- Stick to single shots of spirits.
- Have a soft drink before each alcoholic drink.
- Replace alcohol with your favourite soft drink.
- Eat a meal before drinking.
- Pace yourself at celebrations, sports events and leaving dos.
- Delay the time you start drinking.
- After work, play football, join a gym or go to the cinema instead of the pub.
- Practise how to say no to alcohol when it’s offered to you.
- If you’re going out with people who drink heavily, try to avoid buying in rou• nds (you could always get the first round and then opt out).
- Let your friends, family and work colleagues know you’re cutting down and ask them to be supportive.
- If you’re stressed, chill out by going for a walk instead of drinking.
If you are the partner of the person drinking at a high risk, here are some helpful suggestions to help your partner deal with the problem:
- Cover-ups allow a drinker to continue drinking in peace. One effective method of helping someone realise they might have a problem is to allow them to deal with the full consequences of their actions. This means not doing things like call in sick to work for that person or make excuses for his or her drinking to family and friends.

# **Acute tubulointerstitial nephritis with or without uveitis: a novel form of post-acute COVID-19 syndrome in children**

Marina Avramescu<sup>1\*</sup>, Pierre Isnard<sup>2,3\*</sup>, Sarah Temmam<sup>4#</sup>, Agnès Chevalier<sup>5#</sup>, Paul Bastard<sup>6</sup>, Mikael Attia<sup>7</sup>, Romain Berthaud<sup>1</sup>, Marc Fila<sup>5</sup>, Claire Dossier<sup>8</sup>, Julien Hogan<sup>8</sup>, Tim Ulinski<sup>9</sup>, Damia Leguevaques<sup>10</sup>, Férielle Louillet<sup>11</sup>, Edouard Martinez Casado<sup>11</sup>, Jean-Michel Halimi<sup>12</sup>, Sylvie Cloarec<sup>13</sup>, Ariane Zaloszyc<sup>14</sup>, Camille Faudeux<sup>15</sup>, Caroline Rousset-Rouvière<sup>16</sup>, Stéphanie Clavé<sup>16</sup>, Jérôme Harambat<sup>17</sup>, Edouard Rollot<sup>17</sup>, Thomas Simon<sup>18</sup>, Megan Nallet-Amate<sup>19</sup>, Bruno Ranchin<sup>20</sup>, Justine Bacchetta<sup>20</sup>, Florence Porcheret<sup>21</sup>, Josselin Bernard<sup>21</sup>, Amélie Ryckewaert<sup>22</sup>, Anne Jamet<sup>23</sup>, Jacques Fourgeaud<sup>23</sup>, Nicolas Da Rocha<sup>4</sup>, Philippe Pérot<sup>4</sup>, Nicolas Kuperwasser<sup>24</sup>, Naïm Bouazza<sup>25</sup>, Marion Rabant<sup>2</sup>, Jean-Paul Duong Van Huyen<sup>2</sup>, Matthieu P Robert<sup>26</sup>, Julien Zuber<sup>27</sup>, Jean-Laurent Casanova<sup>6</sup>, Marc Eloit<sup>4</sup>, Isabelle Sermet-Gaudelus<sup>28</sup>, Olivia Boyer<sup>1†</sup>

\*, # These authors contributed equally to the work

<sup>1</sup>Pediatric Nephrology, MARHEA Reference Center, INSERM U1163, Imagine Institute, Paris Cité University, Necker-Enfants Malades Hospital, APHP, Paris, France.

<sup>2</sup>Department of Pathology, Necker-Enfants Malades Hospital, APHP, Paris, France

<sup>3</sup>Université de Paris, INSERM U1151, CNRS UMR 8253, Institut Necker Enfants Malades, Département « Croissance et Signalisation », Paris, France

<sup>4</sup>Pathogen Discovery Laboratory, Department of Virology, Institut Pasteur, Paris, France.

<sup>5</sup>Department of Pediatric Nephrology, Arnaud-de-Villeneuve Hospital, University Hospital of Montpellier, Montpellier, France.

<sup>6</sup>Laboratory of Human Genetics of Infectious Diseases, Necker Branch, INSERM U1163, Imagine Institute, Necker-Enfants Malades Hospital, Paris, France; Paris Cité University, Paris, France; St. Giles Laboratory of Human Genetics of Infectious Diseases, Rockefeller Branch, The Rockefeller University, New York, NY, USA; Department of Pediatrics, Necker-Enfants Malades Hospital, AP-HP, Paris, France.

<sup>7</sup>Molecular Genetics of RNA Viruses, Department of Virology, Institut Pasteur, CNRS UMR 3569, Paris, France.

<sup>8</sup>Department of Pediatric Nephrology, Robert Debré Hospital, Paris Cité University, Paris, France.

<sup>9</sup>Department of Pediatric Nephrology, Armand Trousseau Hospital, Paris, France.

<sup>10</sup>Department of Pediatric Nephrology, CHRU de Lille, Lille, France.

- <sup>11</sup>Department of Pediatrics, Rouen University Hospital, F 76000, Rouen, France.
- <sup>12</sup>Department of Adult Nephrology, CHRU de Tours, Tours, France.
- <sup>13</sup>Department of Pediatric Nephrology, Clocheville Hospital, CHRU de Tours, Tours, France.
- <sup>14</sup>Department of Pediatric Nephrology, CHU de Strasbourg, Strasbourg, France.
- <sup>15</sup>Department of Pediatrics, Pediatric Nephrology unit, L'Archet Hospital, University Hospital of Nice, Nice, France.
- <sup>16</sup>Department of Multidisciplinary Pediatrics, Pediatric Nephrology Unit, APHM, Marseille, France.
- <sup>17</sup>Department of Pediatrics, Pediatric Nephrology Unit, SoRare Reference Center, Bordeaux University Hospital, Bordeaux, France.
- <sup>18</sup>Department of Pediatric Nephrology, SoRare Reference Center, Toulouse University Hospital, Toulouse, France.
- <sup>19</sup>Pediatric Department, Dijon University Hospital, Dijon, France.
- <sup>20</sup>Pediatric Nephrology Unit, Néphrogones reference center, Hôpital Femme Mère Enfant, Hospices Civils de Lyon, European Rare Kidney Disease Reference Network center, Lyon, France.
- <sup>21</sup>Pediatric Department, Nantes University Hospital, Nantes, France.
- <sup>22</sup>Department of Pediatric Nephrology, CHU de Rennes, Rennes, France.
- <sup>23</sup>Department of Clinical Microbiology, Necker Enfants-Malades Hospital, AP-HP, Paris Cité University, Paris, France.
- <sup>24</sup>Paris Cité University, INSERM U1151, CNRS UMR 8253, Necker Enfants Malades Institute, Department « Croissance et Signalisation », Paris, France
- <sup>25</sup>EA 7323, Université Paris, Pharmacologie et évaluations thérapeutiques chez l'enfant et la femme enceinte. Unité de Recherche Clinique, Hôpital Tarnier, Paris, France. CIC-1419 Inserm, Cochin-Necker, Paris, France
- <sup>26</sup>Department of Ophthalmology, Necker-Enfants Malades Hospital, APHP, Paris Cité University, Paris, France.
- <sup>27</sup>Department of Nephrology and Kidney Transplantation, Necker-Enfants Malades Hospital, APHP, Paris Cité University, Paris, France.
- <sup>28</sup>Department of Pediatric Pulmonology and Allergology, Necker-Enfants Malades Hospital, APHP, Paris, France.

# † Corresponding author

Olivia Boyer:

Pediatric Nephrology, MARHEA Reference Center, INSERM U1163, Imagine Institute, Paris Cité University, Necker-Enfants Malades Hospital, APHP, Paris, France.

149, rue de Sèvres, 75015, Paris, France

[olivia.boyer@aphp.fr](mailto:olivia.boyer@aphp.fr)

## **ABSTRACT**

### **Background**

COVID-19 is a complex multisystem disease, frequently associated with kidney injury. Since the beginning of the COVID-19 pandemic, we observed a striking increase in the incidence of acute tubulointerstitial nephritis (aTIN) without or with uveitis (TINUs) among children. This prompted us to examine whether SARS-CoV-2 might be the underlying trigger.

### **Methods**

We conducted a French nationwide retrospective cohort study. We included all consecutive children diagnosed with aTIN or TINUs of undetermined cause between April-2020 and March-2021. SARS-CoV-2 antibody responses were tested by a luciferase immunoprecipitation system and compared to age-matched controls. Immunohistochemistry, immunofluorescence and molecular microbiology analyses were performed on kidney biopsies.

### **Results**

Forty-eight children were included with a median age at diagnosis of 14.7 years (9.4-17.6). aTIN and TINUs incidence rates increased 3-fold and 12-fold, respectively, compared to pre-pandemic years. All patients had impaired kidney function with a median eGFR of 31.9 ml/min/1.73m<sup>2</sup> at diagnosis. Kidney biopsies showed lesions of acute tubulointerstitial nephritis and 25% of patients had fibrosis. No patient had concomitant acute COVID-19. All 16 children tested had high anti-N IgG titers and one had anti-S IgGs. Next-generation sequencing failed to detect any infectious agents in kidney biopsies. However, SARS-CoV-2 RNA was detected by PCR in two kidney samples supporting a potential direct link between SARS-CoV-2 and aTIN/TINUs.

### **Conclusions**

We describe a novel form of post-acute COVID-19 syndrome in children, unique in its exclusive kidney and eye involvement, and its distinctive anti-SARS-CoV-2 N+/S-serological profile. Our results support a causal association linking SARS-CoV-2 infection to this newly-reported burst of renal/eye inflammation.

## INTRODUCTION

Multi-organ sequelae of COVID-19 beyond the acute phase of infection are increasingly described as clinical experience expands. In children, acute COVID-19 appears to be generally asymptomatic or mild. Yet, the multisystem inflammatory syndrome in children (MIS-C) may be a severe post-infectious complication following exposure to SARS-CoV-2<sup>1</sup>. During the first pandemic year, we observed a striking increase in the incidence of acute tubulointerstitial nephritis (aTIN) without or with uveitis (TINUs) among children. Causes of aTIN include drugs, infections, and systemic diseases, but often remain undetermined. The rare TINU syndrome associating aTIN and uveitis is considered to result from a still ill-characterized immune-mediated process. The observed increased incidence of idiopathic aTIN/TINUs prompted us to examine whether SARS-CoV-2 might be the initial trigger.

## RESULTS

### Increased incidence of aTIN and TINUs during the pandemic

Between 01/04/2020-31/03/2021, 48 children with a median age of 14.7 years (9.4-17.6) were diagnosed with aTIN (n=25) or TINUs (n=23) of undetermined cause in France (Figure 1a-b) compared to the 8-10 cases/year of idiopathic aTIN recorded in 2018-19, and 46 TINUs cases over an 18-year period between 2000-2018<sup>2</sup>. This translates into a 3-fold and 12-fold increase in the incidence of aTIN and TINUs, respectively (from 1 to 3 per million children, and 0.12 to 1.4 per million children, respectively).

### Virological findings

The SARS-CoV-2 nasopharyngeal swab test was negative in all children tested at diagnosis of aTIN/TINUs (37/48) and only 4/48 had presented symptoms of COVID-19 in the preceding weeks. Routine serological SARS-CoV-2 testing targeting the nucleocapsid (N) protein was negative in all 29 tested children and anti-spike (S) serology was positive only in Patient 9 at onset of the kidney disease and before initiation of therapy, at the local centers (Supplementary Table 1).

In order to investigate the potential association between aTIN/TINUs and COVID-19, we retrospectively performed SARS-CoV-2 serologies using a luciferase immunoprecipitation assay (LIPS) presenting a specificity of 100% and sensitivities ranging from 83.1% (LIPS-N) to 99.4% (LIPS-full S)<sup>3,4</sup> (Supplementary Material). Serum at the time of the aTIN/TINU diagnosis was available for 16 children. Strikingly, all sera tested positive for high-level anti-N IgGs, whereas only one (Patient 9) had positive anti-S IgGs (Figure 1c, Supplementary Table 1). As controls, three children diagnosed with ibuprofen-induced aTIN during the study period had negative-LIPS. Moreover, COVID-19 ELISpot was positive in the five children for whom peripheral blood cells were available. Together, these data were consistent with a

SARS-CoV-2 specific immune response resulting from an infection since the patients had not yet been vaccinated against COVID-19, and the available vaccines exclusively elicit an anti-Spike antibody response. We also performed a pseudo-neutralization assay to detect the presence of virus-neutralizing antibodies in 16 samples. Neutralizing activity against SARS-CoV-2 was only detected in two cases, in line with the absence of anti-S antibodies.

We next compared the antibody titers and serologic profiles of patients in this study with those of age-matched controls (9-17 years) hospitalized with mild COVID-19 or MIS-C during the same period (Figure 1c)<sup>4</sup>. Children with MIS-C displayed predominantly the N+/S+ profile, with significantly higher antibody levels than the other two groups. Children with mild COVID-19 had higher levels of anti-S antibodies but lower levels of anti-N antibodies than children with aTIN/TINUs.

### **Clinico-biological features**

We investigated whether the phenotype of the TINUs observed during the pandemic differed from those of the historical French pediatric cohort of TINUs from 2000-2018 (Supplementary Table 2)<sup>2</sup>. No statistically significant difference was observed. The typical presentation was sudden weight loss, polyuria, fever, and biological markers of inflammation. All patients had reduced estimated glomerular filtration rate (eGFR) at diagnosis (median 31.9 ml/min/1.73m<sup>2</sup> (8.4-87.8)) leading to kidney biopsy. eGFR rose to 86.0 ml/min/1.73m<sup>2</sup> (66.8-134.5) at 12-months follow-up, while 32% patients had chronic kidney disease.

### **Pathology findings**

- Try not to talk about general ways in which alcohol is bad such as, “drinking is unhealthy”, but rather mention specific ways that drinking harms your relationship.
- Only talk to your partner when he or she is sober and calm. Soon after an alcohol-related problem occurs is a good time to talk because the issue is fresh.
- When bringing up drinking behaviours with a partner there can be strength in numbers. Involve family members and friends, ideally people you both trust.
- Tell your partner what will happen if he or she fails to seek help or stop drinking. Explain that this isn’t a threat but a way to protect yourself from the consequences of alcohol.
- Either as a couple or one-on-one get some support. Outside support can greatly help a relationship.
For further advice and support on alcohol please call 01384 426 120 for the adult drug and alcohol treatment service at Atlantic Recovery Centre, Dudley Road, Lye.